Targeting ovarian cancer metastases with biomaterial-supported T-cell implants

Matthias Stephan, MD, PhD
Fred Hutchinson Cancer Research Center

Management of metastatic ovarian cancer continues to be a critical clinical problem. At the time of diagnosis, most patients have extensive metastatic disease throughout the abdomen, which often makes it impossible to remove all tumor despite radical surgery and chemotherapy. In theory, cells of our own immune system have the ability to selectively lyse ovarian tumor cells. Based on this premise, transfusions of tumor-reactive lymphocytes, referred to as adoptive cell therapy (ACT), are currently being tested in ovarian cancer patients as one of the most promising treatment options. However, major hurdles remain that seriously limit the use of ACT to treat ovarian cancer patients: a poor survival of infused cells and inefficient cell homing to tumor tissue. To address this challenge we propose a radically different cell delivery strategy in which lymphocytes are seeded onto porous polymer scaffolds along with supporting molecules that help them multiply and activate. Once prepared, scaffolds can be surgically implanted into the peritoneal cavity. Scaffolds act as active depots, dispersing lymphocytes throughout the abdomen to purge ovarian cancer deposits. At the same time, immune stimulants released by the scaffold could render delivered T-cells resistant to tumor-secreted suppressive factors. Our long-term goal is to develop this technology into a clinical device to provide gynecological surgeons with a more effective treatment option for ovarian cancer. Our overall hypothesis is that the ability of tumor-reactive T-cells to eradicate ovarian cancer metastases can be dramatically enhanced by providing a sustained release of appropriately stimulated T-cells from a bioactive material vehicle. Our hypothesis will be evaluated with the following two specific aims: (1) To optimize the composition of polymer scaffolds to expand embedded tumor-reactive T-cells within the device and disperse them into the peritoneal cavity, and (2) To examine the ability of material-controlled T-cell delivery to treat disseminated intraperitoneal ovarian tumor metastases more effectively than conventional T-cell injections. Data generated from these studies will ultimately serve to provide the rationale of utilizing biomaterial as T cell delivery vehicles in future clinical trials of adoptive immunotherapy in patients with ovarian cancer..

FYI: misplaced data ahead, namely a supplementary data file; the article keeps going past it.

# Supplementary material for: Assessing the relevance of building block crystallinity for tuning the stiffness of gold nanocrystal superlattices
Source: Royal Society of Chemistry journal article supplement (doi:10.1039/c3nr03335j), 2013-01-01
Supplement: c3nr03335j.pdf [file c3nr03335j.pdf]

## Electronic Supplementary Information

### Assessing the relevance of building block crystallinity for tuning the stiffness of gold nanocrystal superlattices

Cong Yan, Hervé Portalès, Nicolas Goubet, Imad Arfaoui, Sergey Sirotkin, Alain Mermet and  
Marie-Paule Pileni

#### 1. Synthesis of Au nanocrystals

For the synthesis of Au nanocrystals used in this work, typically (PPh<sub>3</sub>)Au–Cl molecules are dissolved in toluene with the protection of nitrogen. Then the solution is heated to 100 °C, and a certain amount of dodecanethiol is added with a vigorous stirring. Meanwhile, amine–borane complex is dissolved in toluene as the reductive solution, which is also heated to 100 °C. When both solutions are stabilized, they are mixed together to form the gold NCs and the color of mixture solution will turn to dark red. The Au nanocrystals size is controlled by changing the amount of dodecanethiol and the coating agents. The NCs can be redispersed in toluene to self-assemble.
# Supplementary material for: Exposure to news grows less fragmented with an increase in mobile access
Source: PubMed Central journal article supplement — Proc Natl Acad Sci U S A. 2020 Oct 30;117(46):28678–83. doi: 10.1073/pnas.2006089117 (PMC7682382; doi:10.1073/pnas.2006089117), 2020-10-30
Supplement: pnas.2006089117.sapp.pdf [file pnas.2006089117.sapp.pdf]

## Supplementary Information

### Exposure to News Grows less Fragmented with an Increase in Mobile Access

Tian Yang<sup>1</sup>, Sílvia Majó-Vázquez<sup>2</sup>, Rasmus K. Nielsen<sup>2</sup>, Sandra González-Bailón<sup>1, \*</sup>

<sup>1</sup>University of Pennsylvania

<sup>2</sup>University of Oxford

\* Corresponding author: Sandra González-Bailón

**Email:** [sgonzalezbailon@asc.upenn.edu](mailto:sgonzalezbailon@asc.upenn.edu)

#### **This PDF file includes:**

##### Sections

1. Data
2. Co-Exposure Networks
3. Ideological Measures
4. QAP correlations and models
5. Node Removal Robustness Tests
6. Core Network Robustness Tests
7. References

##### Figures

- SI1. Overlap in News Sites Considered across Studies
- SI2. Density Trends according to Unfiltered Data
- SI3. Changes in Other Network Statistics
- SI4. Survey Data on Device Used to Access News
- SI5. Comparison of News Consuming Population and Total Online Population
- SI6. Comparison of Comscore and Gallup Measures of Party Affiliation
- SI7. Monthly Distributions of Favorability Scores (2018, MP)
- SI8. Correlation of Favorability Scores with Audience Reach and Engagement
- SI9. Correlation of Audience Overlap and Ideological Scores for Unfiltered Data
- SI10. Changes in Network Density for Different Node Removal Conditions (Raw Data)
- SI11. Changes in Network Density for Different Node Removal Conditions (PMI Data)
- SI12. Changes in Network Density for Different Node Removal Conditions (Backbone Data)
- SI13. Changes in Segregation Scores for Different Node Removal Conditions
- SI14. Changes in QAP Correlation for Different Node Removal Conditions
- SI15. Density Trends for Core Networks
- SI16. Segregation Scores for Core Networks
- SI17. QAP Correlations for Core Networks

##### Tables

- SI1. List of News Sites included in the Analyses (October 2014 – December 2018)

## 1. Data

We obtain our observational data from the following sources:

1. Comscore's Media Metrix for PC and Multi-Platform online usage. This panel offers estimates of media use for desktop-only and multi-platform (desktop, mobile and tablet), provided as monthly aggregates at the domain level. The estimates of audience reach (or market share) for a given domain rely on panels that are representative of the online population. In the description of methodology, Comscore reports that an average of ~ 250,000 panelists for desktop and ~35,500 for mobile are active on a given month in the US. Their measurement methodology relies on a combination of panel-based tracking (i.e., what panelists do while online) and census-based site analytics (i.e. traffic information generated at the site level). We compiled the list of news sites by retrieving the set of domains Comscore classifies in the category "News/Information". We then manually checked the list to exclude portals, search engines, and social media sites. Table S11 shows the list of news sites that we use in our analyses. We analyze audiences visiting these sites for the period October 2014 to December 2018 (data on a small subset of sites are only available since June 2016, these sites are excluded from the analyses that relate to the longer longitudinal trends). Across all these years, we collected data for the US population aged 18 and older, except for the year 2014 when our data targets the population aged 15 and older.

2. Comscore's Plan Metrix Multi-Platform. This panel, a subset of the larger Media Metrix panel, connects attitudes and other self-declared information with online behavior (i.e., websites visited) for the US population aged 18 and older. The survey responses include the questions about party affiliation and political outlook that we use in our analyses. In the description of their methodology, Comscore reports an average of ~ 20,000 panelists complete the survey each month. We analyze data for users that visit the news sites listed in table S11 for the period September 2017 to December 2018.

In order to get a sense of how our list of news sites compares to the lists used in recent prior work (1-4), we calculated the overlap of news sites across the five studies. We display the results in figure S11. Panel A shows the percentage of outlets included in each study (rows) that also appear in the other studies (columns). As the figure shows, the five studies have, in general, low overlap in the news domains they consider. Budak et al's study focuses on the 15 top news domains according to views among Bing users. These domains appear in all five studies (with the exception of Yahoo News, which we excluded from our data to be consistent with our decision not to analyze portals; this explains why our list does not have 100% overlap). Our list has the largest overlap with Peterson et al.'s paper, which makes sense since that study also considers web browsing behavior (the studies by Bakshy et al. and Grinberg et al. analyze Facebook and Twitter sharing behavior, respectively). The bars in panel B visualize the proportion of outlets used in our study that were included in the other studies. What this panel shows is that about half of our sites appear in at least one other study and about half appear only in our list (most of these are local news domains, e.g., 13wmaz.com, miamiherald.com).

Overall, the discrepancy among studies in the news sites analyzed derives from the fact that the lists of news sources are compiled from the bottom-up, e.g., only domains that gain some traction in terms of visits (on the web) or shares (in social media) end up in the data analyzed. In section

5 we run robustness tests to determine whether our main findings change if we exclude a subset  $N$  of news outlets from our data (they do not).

Antibody-mediated short interfering RNA Delivery for Ovarian Cancer Therapy

M. Corinna Palanca-Wessels, MD, PhD
Fred Hutchinson Cancer Research Center

Ovarian cancer is the most deadly gynecologic malignancy in the United States principally due to its usual diagnosis at an advanced stage and eventual development of drug resistance. A disheartening 5-year overall survival rate of 30% has remained largely unchanged over the past two decades despite intensive research efforts. RNA interference is a mechanism of gene regulation that can be manipulated through the use of short interfering RNA (siRNA) to specifically suppress genes that contribute to chemotherapy resistance. However, a major hurdle for clinical implementation of siRNA is effective tumor-specific intracellular delivery. This application will optimize a siRNA delivery system consisting of an antibody directed against mesothelin to promote receptor-mediated intracellular siRNA uptake by ovarian cancer cells and a pH-responsive polymer to enhance endosomal escape of siRNA into the cytoplasm. The project aims are to: 1) demonstrate and optimize mesothelin antibody-mediated siRNA delivery in vitro; 2) identify siRNA sequences that potentiate cytotoxicity in ovarian cancer cells in conjunction with platinum and/or taxane drugs in vitro 3) evaluate the efficiency of siRNA-mediated gene suppression using an antibody-targeted siRNA polymer carrier in a mouse ovarian tumor xenograft model. This research builds upon promising work by the applicant and comprises part of a career development plan that will enable her to successfully transition into a fully independent research position. Her long-term goal is to establish a translational research program to test novel therapies that exploit tumor specific antigens and RNA interference for more effective treatment of ovarian cancer.